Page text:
Among the martial artists who divulge their opinions on what the Korean arts do best are Hee-Il Cho, Dr. Jerry Beasley, Dana Hee, Taejoon Lee, Jhoon Rhee, Tom Callos, Barry Harmon, Aaron Banks, Doug Cook and Alain Burrese.
While exact figures are hard to come by, most experts in the martial arts industry would agree that Korea has won the race. Taekwondo is by far the most popular style in America, and once you figure in tang soo do, hapkido, kuk sool won, hwa rang do, soo bahk do, kumdo and the like, Korea’s dominance becomes even more apparent. Despite what some critics claim, Korea rules for one simple reason: Its arts teach Americans a host of skills and attitudes that, year in and year out, are improving the lives of their students. The following is a list of some of those benefits as identified by 20 movers and shakers in the martial arts.
Hee-Il Cho photo by Robert Reiff
Taekwondo master, Black Belt Hall of Fame member
"Most important is taekwondo’s traditional roots, which are preserved and honored as they’re passed down from generation to generation through mind and body training. Nevertheless, we taekwondo instructors strive to base our technical curriculum on a scientific approach to maximize the effectiveness and explosiveness of each execution.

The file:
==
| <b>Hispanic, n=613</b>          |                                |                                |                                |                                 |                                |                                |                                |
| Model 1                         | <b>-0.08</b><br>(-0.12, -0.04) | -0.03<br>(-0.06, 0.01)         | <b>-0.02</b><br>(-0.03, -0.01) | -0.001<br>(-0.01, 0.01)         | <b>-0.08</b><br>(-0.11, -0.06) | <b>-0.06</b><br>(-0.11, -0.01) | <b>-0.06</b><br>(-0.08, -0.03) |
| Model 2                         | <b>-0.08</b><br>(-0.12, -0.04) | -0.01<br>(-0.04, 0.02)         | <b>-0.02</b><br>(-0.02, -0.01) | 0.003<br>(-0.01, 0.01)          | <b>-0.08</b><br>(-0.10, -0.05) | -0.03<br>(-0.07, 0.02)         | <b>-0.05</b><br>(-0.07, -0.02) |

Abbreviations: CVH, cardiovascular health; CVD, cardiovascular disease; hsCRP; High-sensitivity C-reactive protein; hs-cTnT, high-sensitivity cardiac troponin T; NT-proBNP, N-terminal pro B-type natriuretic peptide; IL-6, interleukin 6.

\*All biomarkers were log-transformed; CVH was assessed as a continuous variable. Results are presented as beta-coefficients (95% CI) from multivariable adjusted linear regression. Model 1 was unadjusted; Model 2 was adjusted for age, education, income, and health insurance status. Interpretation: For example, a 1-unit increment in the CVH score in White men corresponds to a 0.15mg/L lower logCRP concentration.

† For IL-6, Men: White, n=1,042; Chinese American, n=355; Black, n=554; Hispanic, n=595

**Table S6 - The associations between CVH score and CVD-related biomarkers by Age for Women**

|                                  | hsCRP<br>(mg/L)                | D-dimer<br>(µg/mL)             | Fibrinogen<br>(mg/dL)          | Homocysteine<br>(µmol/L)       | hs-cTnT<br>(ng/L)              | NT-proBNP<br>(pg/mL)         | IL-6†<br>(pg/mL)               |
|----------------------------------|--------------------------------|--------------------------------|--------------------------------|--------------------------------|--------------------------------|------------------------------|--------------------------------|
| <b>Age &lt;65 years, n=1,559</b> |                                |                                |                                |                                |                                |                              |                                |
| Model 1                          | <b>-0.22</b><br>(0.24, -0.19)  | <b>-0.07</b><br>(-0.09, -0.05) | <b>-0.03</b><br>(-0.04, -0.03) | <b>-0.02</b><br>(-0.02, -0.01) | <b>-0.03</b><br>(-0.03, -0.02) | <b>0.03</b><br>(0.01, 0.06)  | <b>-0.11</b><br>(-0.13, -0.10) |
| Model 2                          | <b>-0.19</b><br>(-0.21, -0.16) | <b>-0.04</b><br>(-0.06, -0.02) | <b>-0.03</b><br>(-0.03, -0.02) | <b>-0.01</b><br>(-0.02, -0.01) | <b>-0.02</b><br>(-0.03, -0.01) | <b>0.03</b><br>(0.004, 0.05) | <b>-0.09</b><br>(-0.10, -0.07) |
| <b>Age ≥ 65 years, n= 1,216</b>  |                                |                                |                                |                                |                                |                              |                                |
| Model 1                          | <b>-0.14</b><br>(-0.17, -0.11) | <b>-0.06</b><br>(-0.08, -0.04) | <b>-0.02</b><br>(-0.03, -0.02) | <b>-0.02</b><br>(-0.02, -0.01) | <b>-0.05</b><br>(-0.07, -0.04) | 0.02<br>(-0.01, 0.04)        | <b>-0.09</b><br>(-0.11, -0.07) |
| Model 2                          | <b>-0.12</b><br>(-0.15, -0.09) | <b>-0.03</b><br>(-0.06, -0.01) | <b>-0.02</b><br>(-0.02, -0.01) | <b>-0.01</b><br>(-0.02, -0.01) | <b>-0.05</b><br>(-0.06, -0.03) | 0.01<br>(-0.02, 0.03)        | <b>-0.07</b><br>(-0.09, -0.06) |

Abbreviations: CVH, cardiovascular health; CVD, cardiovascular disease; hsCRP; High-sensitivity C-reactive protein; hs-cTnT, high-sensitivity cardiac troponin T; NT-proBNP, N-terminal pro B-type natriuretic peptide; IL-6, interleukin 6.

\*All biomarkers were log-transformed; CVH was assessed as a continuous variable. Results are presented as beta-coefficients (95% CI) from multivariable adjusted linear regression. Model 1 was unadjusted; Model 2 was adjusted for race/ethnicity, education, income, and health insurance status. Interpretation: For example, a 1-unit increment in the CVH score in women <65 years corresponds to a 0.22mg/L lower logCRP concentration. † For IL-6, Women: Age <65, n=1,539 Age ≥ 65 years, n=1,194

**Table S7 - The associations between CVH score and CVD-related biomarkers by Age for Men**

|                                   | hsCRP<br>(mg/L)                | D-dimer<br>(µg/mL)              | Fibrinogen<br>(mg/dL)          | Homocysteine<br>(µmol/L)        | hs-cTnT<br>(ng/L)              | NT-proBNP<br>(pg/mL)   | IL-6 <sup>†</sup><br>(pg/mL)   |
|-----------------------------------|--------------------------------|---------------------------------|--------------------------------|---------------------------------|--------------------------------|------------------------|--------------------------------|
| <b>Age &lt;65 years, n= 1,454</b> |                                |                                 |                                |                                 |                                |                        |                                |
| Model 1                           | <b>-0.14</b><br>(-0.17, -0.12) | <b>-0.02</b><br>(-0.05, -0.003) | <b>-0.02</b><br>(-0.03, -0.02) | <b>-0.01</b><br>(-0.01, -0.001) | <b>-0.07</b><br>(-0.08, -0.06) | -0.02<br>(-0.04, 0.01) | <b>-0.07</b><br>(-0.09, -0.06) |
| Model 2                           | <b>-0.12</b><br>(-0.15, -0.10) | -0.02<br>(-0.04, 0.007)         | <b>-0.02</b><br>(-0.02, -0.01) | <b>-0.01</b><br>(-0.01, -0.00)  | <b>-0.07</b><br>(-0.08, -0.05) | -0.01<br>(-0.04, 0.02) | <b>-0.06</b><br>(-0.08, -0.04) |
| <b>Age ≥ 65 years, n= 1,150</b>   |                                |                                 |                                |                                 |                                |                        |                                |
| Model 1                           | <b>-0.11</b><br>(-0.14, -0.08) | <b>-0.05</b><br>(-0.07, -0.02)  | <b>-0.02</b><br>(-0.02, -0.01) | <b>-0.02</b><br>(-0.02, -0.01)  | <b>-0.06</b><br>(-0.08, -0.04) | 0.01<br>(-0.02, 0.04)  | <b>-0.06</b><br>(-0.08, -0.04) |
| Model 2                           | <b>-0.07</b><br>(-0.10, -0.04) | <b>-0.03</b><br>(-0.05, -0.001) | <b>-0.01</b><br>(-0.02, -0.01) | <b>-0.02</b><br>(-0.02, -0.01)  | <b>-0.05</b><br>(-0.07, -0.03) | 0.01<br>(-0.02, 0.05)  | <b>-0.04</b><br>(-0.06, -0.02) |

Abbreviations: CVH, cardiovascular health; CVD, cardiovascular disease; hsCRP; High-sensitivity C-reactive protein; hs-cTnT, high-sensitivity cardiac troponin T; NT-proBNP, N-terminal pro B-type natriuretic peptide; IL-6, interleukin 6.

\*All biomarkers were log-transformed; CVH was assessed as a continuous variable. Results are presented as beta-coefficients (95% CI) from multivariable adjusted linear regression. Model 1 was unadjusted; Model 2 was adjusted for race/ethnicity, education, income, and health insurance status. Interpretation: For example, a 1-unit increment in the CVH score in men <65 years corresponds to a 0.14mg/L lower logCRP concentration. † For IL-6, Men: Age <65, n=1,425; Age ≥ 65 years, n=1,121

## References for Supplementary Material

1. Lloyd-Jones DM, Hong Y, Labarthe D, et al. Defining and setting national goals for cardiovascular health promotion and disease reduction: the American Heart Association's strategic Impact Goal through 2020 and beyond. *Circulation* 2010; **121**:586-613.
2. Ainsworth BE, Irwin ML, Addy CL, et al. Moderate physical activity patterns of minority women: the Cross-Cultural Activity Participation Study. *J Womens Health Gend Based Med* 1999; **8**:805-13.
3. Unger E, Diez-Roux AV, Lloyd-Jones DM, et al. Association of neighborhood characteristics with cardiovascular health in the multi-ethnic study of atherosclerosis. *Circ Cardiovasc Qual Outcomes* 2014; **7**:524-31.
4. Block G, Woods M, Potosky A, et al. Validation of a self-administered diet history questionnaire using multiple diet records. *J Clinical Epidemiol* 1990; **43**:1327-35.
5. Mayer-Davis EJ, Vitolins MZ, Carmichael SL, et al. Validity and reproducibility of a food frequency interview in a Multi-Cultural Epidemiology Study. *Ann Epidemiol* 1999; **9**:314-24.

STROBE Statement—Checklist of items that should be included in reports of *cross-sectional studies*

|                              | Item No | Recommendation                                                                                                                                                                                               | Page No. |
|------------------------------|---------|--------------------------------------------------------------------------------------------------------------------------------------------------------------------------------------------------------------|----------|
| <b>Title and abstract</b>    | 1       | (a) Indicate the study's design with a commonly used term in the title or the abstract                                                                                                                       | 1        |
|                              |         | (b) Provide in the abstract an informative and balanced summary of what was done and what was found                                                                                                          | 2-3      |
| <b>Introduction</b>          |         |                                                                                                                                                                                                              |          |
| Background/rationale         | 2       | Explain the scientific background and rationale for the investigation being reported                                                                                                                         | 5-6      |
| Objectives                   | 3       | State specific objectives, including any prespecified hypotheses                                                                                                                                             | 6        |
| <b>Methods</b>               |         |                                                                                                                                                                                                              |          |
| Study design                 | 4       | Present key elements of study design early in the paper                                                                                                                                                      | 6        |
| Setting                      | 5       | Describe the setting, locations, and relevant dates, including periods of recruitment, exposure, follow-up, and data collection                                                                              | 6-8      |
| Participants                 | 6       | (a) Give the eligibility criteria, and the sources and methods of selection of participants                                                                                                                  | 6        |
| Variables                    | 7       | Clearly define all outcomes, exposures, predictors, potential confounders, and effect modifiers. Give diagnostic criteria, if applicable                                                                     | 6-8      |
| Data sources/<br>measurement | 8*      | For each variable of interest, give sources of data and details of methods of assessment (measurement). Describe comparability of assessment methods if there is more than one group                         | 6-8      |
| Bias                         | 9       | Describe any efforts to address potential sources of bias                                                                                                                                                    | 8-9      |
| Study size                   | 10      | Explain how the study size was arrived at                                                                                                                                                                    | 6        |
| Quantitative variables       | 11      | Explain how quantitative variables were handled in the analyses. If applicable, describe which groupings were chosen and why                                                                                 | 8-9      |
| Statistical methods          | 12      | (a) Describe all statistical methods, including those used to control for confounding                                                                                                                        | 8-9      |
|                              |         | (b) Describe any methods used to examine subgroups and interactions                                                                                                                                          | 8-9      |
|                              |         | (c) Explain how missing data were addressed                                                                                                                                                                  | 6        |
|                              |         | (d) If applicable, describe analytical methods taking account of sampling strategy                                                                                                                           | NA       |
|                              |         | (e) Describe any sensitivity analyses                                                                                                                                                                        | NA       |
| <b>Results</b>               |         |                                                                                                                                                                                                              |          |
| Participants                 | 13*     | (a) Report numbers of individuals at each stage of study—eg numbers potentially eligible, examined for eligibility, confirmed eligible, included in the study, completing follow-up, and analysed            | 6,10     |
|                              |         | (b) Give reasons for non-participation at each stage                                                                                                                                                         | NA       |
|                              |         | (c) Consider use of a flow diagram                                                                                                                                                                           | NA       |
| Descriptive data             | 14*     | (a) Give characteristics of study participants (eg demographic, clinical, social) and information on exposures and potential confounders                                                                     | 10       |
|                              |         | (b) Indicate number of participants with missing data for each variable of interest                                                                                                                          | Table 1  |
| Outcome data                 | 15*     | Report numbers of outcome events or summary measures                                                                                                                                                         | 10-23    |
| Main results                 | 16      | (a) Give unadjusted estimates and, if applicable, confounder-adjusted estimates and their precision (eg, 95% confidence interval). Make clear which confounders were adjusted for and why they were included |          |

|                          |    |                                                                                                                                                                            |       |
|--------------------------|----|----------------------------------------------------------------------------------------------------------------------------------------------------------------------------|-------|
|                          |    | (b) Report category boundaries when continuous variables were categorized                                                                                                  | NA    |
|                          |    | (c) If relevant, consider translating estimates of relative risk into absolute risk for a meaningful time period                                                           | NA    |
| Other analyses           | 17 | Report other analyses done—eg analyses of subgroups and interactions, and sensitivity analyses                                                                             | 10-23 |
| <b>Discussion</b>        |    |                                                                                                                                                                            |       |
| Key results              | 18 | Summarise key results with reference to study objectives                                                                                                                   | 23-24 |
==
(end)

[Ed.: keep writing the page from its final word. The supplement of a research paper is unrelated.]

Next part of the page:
"Individuality is respected as a way to thrive in the art; it’s not seen as an obstacle. Every student has strengths and weaknesses, and a lack of competition skills doesn’t define a student as any less of a champion than one who has won several medals."
Jerry Beasley photo by Rick Hustead
Dr. Jerry Beasley
Martial arts professor at Radford University, Black Belt Hall of Fame member